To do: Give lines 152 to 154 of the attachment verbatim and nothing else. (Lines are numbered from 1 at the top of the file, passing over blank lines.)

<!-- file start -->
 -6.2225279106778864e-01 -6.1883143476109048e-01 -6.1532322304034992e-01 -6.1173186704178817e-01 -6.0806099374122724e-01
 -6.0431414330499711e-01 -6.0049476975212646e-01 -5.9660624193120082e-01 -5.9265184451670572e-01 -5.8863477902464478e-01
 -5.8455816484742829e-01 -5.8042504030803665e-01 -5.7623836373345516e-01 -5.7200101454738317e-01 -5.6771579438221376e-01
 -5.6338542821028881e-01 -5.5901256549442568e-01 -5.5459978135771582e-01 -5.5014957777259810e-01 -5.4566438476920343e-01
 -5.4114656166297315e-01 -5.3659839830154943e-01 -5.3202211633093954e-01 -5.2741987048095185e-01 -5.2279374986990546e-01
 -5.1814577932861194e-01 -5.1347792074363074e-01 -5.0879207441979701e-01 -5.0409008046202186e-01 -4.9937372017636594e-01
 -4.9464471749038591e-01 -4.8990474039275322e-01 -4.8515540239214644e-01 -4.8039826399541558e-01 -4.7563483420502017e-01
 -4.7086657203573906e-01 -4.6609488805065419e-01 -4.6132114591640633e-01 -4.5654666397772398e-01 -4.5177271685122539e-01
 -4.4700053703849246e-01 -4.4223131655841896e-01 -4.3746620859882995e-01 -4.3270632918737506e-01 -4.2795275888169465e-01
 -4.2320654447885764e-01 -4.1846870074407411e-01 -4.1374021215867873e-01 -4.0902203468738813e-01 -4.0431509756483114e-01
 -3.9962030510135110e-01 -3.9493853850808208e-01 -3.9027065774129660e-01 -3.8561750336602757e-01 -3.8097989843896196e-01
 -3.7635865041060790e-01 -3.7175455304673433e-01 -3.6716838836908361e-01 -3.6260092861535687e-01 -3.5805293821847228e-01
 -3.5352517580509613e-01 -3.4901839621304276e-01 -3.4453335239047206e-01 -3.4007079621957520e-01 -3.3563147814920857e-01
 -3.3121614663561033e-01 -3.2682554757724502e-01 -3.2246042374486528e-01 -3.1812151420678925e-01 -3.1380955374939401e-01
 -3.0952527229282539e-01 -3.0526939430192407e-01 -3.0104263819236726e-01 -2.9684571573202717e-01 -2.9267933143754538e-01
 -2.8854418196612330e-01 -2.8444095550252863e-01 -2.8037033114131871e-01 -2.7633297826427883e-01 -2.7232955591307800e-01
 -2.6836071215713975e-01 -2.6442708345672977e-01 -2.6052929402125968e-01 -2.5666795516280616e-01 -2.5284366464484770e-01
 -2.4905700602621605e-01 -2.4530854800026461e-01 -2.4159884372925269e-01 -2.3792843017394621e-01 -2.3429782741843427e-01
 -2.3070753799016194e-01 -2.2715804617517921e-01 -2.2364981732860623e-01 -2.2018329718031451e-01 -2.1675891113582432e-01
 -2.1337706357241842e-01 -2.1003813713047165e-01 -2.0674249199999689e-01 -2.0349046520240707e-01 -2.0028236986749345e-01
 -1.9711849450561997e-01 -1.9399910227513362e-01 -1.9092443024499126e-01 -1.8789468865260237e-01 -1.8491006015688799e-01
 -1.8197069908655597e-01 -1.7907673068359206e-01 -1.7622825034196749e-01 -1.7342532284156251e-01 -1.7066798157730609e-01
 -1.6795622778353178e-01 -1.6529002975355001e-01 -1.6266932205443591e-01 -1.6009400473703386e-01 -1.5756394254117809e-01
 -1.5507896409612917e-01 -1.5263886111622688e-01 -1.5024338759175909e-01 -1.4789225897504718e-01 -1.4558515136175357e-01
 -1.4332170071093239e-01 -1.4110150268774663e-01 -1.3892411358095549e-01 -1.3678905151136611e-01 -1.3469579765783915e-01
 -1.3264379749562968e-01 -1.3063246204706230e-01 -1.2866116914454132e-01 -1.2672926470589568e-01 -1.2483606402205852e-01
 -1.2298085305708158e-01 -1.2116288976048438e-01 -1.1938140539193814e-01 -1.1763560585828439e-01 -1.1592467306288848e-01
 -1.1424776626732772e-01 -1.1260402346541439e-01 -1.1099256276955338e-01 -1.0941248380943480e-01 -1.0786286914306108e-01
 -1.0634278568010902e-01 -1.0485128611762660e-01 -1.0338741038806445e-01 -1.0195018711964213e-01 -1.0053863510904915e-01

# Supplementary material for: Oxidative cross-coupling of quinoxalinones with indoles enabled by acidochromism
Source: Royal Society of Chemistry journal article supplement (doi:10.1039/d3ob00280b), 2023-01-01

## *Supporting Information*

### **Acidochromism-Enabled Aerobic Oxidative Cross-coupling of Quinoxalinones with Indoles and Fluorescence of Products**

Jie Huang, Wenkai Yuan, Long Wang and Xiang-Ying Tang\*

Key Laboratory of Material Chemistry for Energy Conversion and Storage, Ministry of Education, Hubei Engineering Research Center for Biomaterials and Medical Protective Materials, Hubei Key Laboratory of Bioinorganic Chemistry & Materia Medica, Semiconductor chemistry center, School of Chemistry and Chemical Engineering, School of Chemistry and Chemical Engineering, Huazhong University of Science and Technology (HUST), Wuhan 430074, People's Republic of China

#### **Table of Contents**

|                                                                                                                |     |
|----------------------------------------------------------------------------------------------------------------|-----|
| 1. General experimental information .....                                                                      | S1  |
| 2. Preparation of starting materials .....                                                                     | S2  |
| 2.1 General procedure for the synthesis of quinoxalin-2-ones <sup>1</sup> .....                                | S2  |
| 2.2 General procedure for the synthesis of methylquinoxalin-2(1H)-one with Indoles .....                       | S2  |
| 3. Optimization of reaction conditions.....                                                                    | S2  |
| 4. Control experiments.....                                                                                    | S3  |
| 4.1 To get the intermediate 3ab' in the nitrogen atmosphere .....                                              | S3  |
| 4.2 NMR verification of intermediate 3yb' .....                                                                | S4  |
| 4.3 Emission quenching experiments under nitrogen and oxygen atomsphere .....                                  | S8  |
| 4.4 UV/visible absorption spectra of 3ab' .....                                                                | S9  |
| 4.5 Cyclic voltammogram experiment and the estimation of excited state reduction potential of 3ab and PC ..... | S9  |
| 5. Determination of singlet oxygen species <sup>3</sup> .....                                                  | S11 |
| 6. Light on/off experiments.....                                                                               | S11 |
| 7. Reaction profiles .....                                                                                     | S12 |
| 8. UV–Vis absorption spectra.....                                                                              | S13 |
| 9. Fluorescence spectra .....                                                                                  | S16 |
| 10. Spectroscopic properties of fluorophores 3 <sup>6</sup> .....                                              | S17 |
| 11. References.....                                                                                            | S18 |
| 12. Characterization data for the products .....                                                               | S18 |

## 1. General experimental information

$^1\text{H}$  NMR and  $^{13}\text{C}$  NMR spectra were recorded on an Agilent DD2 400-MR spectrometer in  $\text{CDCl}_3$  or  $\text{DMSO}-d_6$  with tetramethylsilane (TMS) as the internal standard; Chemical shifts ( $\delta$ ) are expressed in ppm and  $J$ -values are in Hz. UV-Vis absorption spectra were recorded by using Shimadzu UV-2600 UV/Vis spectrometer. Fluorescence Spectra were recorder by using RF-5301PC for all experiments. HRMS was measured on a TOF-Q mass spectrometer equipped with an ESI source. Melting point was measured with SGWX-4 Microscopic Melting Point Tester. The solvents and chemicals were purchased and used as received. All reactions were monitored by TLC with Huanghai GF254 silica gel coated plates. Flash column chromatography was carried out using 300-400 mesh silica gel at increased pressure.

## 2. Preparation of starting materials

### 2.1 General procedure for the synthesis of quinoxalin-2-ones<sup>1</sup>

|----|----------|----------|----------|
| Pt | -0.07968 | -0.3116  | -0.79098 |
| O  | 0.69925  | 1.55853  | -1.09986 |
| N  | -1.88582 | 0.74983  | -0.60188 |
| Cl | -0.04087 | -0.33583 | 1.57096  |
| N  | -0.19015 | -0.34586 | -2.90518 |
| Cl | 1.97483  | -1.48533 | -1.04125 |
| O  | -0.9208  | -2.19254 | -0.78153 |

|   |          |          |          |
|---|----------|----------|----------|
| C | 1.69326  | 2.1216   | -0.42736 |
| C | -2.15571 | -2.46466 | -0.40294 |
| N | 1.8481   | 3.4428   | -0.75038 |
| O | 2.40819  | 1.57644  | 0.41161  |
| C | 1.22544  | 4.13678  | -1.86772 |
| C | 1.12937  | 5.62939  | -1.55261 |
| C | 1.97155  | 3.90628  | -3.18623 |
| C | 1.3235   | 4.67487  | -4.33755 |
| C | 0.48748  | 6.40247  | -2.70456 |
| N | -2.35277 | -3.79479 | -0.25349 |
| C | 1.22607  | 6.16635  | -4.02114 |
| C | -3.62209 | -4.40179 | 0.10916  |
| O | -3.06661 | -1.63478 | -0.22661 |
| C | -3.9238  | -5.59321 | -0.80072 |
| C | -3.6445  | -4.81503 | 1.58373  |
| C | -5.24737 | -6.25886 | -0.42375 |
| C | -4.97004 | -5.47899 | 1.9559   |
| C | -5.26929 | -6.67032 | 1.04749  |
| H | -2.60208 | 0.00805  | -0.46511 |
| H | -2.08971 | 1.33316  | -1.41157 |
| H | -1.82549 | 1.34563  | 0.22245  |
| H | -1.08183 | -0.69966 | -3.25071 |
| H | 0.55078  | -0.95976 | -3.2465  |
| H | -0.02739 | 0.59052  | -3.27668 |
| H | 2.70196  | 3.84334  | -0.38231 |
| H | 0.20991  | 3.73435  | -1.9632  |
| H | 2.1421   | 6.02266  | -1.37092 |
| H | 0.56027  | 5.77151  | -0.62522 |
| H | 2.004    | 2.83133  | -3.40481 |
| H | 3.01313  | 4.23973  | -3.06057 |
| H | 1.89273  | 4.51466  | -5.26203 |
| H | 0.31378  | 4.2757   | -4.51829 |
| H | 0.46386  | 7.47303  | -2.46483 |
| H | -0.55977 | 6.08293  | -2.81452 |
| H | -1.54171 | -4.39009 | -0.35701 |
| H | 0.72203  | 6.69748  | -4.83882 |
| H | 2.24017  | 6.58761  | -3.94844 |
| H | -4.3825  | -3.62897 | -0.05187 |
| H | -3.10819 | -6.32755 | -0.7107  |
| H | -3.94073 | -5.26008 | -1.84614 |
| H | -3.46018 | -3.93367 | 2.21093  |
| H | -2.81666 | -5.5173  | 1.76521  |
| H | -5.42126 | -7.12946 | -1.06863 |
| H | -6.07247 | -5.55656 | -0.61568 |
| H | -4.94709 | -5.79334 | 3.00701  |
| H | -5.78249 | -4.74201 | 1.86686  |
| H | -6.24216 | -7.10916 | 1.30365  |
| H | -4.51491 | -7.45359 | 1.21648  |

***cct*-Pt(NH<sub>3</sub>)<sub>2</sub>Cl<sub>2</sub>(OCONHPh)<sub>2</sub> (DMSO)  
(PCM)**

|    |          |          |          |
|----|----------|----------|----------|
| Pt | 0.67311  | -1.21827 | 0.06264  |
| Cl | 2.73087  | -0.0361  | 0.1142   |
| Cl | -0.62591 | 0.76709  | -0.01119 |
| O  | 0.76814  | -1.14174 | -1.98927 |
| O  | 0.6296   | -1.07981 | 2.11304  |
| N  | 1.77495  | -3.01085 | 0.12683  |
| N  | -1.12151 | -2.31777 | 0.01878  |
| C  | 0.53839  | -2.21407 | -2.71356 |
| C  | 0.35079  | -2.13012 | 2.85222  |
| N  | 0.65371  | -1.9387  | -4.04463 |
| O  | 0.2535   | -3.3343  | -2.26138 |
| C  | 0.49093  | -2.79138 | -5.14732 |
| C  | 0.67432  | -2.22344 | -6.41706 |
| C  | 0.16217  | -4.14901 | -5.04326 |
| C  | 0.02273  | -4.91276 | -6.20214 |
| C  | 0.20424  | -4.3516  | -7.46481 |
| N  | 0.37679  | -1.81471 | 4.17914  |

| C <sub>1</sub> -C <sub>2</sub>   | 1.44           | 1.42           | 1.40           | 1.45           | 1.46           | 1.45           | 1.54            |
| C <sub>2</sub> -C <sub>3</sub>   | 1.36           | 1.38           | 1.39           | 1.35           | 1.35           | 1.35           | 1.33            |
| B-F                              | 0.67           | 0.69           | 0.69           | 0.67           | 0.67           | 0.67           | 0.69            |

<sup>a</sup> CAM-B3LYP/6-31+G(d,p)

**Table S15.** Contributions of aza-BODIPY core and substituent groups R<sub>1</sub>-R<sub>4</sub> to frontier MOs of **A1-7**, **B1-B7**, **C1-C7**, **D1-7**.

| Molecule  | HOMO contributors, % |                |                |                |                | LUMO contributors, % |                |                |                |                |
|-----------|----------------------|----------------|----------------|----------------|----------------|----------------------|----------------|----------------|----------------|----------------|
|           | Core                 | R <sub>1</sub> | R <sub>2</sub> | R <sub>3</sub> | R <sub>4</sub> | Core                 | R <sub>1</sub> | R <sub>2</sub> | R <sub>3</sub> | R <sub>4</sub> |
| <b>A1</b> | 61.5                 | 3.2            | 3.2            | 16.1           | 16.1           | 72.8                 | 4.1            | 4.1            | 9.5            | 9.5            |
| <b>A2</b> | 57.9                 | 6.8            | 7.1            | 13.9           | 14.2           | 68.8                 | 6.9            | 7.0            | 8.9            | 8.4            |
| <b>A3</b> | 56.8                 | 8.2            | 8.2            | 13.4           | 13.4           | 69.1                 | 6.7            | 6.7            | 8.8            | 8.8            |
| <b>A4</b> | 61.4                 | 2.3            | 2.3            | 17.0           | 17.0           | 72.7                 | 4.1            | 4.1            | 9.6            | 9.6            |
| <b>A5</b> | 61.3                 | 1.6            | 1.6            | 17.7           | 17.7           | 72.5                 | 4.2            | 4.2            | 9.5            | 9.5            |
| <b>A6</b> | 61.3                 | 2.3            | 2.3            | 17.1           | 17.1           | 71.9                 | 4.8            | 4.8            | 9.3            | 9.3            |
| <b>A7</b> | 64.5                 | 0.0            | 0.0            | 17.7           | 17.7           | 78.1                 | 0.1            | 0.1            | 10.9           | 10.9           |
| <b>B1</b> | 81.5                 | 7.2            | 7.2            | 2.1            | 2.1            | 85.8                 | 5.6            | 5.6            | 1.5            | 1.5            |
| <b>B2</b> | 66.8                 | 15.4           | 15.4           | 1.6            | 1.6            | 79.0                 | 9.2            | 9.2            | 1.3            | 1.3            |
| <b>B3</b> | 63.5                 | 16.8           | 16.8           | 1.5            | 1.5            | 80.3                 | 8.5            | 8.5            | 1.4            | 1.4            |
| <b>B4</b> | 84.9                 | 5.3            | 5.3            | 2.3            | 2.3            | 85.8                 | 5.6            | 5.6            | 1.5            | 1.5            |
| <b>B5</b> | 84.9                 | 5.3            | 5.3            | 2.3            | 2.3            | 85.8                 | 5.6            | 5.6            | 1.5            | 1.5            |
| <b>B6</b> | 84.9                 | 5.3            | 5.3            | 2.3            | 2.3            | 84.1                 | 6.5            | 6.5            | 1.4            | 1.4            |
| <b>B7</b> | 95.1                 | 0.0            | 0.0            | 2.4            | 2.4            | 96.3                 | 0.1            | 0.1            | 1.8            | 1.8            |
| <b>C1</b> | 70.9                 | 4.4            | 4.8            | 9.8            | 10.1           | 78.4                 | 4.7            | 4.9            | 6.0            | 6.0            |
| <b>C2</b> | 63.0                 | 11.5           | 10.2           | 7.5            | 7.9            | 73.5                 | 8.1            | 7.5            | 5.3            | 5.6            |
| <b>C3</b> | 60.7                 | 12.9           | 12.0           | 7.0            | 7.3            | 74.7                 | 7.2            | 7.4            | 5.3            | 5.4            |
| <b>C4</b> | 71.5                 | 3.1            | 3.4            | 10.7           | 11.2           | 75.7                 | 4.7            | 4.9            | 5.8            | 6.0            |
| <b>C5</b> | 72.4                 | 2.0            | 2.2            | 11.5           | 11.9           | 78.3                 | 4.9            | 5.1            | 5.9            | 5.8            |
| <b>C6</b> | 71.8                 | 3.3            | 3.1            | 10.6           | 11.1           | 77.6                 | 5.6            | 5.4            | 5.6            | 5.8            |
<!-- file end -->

| <b>A4</b> | 61.4                 | 2.3            | 2.3            | 17.0           | 17.0           | 72.7                 | 4.1            | 4.1            | 9.6            | 9.6            |
| <b>A5</b> | 61.3                 | 1.6            | 1.6            | 17.7           | 17.7           | 72.5                 | 4.2            | 4.2            | 9.5            | 9.5            |
| <b>A6</b> | 61.3                 | 2.3            | 2.3            | 17.1           | 17.1           | 71.9                 | 4.8            | 4.8            | 9.3            | 9.3            |